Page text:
Article Courtesy of signonsandiego.com
November 30, 2011
Written by Lily Leung
Shoppers, I bet many of you scoured the Sunday ads and bounced to several stores for deals over Thanksgiving weekend.
What if you applied that same effort and vigilance to shopping for a new home loan or refinance? That same attention to detail could translate into hundreds to thousands of dollars in savings over time.
“People think nothing about going to many different stores to buy a toaster or oven or dishwasher,” said Norma Garcia, attorney at Consumers Union, publisher of Consumer Reports magazine. “They just don’t shop for (home) loans the same way they shop for other products, but they ought to.”
Consumers likely are more comfortable comparison-shopping for microwaves than mortgages because the home-loan process can be cumbersome, with reams of paperwork, unfamiliar jargon, and of course, the rush to close and move to a new place.
The U.S. government is working to make the process easier. Since May, officials have been trying to simplify and combine two required forms that show would-be borrowers their final loan terms and costs before closing. The “Know Before You Owe” campaign, spurred by sweeping financial reforms in 2010, has produced two drafts of the merged documents that are still in testing phase.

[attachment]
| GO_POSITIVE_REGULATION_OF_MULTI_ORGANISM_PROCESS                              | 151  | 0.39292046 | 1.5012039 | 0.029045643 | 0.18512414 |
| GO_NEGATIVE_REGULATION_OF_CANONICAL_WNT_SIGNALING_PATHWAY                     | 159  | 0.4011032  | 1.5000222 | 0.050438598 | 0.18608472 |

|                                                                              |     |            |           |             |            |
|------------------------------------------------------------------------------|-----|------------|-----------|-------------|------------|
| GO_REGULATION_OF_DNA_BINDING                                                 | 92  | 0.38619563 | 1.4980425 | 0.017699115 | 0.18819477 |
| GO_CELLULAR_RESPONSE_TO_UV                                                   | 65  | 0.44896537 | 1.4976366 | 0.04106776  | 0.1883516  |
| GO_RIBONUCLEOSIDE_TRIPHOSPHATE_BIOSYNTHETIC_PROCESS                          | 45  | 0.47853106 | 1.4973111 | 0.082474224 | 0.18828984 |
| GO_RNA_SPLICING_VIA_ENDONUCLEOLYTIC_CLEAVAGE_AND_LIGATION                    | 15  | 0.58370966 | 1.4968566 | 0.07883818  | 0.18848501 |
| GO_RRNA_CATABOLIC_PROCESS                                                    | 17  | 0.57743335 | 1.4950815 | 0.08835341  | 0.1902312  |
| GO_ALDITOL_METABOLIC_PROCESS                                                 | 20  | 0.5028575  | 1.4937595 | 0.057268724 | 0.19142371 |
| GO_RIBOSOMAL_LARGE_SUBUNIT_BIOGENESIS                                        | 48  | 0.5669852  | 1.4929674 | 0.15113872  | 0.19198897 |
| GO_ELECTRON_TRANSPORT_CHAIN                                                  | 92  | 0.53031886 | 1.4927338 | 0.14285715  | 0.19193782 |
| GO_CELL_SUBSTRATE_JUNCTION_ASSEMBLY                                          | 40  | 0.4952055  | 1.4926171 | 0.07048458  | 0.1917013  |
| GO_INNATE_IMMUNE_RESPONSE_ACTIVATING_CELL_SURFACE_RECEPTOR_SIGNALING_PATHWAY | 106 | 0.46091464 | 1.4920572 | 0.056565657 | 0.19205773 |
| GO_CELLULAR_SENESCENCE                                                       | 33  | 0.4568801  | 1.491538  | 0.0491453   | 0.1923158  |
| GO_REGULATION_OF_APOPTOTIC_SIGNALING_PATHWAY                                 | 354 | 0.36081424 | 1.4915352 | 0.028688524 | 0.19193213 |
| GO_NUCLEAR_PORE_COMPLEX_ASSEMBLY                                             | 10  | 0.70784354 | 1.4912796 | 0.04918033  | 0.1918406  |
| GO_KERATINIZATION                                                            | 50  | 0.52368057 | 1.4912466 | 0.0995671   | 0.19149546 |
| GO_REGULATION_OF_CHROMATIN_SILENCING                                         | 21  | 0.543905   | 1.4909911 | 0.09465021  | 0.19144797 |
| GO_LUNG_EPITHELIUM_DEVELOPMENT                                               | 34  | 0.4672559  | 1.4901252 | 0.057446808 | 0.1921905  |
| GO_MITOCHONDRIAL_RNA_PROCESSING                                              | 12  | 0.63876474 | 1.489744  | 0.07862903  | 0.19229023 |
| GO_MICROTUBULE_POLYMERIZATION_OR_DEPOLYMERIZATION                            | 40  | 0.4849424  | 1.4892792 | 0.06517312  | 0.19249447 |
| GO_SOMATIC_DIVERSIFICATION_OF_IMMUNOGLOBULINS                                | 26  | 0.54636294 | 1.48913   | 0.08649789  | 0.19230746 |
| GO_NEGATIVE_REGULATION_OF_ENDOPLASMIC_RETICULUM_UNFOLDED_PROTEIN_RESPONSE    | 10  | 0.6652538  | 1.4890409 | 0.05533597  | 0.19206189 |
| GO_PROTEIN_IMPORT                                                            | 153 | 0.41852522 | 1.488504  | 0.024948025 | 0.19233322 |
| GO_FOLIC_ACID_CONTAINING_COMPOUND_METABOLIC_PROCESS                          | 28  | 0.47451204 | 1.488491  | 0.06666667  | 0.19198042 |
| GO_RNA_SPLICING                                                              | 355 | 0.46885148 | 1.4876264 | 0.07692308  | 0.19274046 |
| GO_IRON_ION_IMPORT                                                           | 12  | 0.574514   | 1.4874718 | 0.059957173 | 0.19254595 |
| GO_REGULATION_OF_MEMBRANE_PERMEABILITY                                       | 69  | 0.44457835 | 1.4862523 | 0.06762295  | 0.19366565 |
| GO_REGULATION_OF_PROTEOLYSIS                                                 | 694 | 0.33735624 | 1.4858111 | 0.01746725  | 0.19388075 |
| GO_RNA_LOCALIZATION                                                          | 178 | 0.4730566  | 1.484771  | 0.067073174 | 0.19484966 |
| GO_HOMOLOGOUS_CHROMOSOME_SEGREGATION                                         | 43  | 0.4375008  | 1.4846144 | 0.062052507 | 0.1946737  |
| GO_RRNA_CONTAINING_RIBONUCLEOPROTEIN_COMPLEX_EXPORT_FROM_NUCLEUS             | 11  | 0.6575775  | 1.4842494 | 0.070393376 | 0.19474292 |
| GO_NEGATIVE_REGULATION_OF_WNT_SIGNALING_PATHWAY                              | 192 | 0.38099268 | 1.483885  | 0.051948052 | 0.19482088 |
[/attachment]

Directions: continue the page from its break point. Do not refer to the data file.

“Anything that will make it simpler and easier for borrowers is a step forward,’ said Polyana da Costa, a mortgage reporter at bankrate.com. “They’re trying to get rid of the legal and technical jargon that many borrowers don’t understand.”
Appraisers also have shown their support for borrowers. Appraisal Institute, a 25,000-member professional group, opposes one of the revamped forms because it continues to lump together fees paid to the home appraiser and the appraisal management company, a third party sometimes used by lenders to assign, manage and deliver finished appraisals. The average amount paid, $400 to $500, is usually split between both parties but is routinely shown as one line item.
“We believe that consumers deserve to know who is providing services relative to their loan and how much was paid,” says a Nov. 16 letter from the group to the Consumer Financial Protection Bureau, the agency leading the mortgage-paperwork makeover.
The group added: “This is the spirit of transparency and the core presumption with development of a consumer disclosure form.”